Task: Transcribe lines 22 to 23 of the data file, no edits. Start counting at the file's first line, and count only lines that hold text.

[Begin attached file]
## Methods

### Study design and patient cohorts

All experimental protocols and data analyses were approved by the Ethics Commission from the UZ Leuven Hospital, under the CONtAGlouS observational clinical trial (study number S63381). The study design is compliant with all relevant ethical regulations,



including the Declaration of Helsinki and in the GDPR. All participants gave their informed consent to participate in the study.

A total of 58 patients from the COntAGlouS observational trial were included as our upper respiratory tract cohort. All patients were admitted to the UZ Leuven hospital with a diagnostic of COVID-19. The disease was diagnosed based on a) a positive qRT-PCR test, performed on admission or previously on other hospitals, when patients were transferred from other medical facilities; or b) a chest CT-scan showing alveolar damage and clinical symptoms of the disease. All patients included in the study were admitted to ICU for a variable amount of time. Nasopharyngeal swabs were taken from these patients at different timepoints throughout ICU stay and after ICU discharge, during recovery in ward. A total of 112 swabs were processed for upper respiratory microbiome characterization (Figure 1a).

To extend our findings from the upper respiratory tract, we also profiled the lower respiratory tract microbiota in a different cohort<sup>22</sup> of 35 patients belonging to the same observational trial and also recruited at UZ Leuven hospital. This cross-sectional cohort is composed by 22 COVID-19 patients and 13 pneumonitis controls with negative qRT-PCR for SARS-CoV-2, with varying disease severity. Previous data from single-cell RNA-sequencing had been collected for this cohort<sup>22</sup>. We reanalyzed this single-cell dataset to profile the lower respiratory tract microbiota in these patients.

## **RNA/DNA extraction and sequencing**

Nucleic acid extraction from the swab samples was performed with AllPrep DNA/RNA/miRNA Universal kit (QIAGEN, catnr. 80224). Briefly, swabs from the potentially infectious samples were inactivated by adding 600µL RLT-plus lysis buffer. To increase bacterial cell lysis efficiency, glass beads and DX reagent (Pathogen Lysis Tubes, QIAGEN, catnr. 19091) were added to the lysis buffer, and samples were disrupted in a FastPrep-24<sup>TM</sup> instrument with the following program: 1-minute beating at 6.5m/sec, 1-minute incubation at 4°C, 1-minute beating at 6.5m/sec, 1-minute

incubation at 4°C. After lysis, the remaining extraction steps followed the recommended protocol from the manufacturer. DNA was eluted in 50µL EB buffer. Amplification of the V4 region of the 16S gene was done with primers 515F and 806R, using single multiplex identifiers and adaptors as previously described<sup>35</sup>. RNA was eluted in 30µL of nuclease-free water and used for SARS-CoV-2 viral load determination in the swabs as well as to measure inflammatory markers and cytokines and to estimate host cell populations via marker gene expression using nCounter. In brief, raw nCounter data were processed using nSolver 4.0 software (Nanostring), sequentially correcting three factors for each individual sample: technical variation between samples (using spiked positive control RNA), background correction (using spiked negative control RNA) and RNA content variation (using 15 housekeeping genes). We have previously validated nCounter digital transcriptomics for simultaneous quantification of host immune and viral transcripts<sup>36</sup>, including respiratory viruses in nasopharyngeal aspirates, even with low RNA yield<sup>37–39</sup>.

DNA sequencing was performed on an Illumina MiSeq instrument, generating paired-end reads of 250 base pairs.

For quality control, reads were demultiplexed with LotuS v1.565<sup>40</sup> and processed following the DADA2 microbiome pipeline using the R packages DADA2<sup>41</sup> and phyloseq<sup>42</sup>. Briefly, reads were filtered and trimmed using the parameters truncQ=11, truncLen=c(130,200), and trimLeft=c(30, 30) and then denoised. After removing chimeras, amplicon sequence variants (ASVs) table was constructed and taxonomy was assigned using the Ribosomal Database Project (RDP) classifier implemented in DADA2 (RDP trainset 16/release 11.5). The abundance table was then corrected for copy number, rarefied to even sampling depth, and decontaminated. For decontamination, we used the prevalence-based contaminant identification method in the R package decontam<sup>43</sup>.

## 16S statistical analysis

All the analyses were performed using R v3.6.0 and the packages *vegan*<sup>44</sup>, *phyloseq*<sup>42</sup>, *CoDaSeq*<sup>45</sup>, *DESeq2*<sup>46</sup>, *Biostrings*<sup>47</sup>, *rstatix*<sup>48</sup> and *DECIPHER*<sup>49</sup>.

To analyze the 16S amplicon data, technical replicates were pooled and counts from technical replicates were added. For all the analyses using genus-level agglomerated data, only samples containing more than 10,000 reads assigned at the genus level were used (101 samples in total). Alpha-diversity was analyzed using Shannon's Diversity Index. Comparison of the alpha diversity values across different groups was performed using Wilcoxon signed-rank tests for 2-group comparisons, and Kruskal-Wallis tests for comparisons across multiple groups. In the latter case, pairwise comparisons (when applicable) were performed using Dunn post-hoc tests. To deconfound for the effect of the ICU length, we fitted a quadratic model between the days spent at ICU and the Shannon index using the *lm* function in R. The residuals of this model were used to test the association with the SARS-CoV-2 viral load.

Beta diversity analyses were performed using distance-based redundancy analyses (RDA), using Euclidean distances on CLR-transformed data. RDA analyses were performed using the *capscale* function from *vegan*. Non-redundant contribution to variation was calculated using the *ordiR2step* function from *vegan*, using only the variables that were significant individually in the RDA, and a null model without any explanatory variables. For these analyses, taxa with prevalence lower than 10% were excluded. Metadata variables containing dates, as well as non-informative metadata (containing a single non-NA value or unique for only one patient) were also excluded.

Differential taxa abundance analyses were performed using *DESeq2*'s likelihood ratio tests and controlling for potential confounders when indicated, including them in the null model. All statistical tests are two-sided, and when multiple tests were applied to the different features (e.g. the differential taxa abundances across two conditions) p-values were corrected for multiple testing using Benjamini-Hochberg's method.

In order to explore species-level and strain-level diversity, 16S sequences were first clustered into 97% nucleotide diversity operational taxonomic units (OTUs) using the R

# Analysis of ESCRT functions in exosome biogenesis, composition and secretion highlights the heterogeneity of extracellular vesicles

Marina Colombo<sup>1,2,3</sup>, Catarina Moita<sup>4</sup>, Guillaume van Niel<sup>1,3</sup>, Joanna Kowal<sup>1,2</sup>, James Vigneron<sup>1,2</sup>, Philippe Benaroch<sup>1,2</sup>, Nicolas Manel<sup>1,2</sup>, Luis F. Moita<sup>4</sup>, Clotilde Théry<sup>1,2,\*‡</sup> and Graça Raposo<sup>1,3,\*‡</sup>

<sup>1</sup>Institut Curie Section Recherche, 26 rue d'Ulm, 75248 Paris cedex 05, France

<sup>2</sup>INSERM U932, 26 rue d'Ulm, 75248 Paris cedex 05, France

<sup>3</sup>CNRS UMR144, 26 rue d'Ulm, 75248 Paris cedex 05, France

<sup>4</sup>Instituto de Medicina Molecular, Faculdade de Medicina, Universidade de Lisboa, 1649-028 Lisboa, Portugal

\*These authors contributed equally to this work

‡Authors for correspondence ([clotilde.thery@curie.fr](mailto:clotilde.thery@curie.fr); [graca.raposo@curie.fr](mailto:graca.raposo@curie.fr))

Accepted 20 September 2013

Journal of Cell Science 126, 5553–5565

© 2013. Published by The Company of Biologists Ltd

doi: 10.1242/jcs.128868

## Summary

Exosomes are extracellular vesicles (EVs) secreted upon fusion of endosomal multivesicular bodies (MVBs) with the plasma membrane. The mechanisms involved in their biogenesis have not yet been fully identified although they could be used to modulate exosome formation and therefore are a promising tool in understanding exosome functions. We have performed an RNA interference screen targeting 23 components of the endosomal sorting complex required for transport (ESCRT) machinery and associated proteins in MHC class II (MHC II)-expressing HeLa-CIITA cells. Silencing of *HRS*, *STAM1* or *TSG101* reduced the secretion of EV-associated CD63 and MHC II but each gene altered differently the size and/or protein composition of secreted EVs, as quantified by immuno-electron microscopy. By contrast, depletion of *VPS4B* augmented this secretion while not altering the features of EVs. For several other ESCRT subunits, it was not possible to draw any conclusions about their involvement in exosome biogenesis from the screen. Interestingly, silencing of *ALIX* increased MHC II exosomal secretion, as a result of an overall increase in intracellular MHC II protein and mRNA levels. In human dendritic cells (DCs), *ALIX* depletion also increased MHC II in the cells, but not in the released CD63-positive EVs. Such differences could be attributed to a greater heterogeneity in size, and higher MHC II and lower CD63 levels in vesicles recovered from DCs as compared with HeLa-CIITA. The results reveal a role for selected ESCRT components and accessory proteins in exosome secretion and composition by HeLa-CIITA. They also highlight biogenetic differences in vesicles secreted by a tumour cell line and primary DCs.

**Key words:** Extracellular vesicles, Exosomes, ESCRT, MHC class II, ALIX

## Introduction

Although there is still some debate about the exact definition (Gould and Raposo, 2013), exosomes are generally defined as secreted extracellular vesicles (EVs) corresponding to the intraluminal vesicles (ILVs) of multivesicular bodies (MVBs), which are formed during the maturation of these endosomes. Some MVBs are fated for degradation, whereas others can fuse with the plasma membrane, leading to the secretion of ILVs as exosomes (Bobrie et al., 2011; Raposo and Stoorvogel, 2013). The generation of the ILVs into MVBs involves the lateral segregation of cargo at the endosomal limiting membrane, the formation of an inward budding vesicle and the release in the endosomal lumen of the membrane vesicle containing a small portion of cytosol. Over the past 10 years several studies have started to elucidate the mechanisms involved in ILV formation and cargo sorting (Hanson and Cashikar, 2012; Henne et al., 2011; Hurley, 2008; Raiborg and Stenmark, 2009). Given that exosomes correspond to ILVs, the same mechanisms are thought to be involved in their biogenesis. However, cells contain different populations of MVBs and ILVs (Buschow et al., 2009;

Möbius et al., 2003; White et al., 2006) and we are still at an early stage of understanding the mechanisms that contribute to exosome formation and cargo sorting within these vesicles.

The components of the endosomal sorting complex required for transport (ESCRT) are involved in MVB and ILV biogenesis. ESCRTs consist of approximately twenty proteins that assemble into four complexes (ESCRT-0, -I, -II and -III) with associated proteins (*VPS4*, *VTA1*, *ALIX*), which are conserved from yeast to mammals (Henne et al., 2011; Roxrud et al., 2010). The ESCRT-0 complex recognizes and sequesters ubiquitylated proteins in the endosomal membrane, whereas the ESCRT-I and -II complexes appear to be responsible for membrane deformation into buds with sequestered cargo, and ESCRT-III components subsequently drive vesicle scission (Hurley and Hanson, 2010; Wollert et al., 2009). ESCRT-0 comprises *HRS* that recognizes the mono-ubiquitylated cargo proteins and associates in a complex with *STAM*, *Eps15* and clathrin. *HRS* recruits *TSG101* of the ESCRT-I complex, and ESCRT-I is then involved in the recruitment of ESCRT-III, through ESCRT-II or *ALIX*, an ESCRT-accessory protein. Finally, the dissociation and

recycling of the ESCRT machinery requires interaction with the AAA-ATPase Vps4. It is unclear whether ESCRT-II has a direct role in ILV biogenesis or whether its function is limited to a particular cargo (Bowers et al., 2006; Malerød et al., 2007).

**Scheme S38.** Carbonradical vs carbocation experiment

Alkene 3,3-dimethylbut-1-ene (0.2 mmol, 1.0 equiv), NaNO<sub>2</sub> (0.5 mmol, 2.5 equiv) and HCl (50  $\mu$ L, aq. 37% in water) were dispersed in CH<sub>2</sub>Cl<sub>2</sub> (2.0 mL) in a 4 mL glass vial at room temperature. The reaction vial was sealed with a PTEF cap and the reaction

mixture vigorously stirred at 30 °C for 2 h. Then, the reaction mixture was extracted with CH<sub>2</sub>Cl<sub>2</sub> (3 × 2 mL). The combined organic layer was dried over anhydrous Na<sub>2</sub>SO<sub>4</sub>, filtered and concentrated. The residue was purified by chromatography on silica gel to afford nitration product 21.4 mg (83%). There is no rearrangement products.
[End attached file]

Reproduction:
<sup>3</sup>CNRS UMR144, 26 rue d'Ulm, 75248 Paris cedex 05, France

<sup>4</sup>Instituto de Medicina Molecular, Faculdade de Medicina, Universidade de Lisboa, 1649-028 Lisboa, Portugal